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Interaction of Mycobacterium tuberculosis with the host: consequences for vaccine development

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Dietrich J, Doherty TM. Interaction of Mycobacterium tuberculosis with the host: consequences for vaccine development. APMIS 2009; 117: 440–57.

Mycobacterium tuberculosis, the causative agent of tuberculosis (TB), remains a major worldwide health problem that causes more than 2 million deaths annually. In addition, an estimated 2 billion people are latently infected with M. tuberculosis. The bacterium is one of the oldest human pathogens and has evolved complex strategies for survival. Therefore, to be successful in the high endemic regions, any future TB vaccine strategy will have to be tailored in accordance with the resulting complexity of the TB infection and anti-mycobacterial immune response. In this review, we will discuss what is presently known about the interaction of M. tuberculosis with the immune system, and how this knowledge is used in new and more advanced vaccine strategies.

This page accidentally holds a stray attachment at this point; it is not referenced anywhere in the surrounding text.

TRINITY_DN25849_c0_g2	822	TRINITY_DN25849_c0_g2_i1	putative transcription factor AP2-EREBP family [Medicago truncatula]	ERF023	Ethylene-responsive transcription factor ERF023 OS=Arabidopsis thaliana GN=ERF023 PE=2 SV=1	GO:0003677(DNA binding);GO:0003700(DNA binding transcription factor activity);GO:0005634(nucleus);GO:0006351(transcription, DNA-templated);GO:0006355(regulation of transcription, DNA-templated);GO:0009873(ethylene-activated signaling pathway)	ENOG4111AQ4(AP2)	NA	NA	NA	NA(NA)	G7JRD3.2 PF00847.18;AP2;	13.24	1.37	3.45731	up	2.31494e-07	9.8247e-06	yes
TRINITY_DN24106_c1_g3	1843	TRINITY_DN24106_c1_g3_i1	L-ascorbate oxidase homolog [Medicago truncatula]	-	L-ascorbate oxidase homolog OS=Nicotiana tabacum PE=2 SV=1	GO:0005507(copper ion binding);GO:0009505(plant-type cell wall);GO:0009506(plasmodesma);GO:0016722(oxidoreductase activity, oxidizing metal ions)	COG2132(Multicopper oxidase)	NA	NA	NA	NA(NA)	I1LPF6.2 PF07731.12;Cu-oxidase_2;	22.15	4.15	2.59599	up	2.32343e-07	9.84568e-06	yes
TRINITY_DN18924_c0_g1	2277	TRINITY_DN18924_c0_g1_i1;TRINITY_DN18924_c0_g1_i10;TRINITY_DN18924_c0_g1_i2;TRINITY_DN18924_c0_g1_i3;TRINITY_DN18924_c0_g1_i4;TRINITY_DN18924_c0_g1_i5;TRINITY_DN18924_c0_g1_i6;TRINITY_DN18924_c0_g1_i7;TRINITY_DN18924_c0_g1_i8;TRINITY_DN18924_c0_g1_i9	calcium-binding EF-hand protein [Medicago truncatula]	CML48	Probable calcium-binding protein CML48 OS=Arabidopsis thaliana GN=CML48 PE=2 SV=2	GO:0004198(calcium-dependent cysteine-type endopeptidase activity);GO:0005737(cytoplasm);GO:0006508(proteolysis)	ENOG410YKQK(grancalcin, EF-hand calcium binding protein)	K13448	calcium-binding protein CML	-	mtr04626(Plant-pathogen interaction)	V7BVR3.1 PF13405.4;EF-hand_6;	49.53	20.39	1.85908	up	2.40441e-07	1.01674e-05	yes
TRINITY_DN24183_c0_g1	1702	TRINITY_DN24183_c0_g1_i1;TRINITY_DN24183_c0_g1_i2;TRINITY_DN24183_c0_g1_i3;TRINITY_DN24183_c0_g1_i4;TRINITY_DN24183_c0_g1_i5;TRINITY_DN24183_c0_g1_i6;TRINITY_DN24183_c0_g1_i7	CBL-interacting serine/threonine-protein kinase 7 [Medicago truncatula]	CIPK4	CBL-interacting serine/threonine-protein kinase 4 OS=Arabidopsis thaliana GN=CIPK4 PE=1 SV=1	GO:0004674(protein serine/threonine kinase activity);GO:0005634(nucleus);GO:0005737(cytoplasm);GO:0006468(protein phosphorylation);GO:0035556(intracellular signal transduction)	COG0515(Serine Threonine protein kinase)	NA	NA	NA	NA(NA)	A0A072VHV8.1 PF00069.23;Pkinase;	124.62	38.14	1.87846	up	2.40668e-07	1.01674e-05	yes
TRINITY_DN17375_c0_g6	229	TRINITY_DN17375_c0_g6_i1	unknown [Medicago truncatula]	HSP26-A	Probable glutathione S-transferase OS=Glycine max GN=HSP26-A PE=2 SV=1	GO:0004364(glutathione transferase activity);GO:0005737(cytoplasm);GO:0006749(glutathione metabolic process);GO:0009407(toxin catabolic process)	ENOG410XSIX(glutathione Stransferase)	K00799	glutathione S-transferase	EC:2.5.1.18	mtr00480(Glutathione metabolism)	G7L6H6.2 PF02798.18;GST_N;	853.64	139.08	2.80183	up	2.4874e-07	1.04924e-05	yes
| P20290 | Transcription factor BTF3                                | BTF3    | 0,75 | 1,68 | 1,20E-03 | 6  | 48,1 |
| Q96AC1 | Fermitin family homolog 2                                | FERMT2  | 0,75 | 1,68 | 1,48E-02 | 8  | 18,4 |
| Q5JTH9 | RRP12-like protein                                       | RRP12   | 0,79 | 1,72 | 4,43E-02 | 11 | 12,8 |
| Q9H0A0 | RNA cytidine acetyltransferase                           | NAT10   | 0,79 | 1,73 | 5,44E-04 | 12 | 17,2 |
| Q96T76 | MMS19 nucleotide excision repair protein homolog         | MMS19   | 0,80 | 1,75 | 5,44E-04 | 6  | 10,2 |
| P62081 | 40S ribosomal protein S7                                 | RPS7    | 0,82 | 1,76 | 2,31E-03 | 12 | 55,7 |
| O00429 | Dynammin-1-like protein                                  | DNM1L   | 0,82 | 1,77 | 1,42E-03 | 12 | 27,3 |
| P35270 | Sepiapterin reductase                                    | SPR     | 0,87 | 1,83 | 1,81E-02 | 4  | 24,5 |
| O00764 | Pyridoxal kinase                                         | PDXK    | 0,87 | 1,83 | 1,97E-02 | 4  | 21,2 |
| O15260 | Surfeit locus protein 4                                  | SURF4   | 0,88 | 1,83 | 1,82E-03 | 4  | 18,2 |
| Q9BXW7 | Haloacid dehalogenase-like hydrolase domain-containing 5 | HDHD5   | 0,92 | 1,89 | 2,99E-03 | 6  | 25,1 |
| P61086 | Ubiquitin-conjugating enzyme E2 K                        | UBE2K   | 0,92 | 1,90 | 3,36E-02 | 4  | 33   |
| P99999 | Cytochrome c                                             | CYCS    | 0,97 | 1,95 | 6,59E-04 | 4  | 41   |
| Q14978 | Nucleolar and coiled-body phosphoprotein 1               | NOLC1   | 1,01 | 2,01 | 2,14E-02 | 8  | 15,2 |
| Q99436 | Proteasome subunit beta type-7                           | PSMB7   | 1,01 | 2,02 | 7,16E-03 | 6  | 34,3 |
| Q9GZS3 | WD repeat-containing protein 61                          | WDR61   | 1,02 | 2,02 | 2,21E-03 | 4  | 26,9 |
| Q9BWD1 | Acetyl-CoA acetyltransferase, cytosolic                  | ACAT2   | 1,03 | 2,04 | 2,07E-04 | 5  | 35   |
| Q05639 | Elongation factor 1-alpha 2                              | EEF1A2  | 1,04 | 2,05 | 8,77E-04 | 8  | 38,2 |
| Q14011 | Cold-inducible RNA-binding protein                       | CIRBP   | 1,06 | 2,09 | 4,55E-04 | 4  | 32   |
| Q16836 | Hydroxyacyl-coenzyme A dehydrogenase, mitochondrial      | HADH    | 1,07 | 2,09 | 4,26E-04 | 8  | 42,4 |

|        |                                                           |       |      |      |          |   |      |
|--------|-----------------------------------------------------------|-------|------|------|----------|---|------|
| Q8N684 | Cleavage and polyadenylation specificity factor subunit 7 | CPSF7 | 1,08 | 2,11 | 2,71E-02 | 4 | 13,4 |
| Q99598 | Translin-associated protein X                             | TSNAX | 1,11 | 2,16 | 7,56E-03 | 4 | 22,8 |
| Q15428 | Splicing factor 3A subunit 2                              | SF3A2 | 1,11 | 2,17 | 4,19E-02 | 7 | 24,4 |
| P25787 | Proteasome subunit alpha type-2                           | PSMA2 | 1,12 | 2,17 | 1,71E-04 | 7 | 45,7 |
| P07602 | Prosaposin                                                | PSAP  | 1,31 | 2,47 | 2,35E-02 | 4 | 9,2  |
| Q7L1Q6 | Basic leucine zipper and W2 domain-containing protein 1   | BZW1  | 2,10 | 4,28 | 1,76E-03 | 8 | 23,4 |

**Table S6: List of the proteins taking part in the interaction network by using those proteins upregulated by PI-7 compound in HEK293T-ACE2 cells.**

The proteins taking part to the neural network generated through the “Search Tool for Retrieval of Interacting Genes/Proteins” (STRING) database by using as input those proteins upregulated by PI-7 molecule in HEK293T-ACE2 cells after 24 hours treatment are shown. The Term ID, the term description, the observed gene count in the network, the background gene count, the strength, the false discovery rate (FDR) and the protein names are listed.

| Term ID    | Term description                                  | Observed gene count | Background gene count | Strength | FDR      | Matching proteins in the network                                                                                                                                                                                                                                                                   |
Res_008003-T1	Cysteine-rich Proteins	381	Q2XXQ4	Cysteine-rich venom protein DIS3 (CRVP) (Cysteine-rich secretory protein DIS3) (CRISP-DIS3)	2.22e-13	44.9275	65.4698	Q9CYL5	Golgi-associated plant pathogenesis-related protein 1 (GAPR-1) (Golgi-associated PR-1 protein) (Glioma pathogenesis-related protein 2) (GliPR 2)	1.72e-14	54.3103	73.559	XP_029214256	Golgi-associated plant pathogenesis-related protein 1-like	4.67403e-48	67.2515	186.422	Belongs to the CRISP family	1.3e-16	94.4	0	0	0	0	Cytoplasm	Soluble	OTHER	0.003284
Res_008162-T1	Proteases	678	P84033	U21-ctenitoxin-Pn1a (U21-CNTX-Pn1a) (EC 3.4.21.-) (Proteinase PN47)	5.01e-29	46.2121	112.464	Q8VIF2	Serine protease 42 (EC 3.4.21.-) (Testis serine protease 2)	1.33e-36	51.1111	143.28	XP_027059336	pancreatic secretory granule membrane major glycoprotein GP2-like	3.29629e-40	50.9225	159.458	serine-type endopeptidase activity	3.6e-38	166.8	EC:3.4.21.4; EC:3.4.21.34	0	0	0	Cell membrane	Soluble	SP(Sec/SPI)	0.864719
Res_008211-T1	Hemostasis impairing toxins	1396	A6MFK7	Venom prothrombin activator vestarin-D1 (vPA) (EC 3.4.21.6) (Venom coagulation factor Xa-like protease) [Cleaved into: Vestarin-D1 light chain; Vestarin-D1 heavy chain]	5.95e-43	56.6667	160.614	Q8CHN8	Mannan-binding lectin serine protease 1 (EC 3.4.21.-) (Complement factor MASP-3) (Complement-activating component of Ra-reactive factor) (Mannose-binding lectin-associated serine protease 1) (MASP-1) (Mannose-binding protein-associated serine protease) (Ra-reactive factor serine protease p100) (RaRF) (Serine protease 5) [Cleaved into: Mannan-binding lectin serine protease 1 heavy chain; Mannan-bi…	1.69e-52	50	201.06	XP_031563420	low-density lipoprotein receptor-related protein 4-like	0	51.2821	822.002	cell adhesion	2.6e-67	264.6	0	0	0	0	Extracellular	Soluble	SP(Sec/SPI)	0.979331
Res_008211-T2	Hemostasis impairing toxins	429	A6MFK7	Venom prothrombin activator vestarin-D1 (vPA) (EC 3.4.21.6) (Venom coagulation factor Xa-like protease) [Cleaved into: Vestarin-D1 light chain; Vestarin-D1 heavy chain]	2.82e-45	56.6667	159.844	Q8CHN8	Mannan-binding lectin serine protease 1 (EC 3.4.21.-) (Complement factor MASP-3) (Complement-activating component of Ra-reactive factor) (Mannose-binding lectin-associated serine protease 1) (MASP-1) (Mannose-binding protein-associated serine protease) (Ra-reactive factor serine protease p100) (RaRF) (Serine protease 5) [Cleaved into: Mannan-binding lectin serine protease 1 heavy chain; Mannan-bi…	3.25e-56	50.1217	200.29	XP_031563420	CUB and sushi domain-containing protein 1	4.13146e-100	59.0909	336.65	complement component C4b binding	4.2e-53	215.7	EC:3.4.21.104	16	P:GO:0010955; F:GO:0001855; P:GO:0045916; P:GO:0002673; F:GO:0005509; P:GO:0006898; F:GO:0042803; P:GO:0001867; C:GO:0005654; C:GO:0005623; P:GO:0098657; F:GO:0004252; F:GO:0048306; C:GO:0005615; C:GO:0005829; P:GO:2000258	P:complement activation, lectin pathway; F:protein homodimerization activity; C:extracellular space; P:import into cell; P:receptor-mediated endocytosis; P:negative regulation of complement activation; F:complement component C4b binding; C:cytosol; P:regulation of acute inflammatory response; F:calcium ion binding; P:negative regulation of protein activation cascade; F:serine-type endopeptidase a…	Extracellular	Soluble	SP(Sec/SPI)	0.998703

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Keywords: BCG; Tuberculosis; bacterial; latency; vaccination

Document Type: Research Article

Affiliations: Department of Infectious Disease Immunology, Statens Serum Institute, Copenhagen, Denmark

Publication date: May 1, 2009

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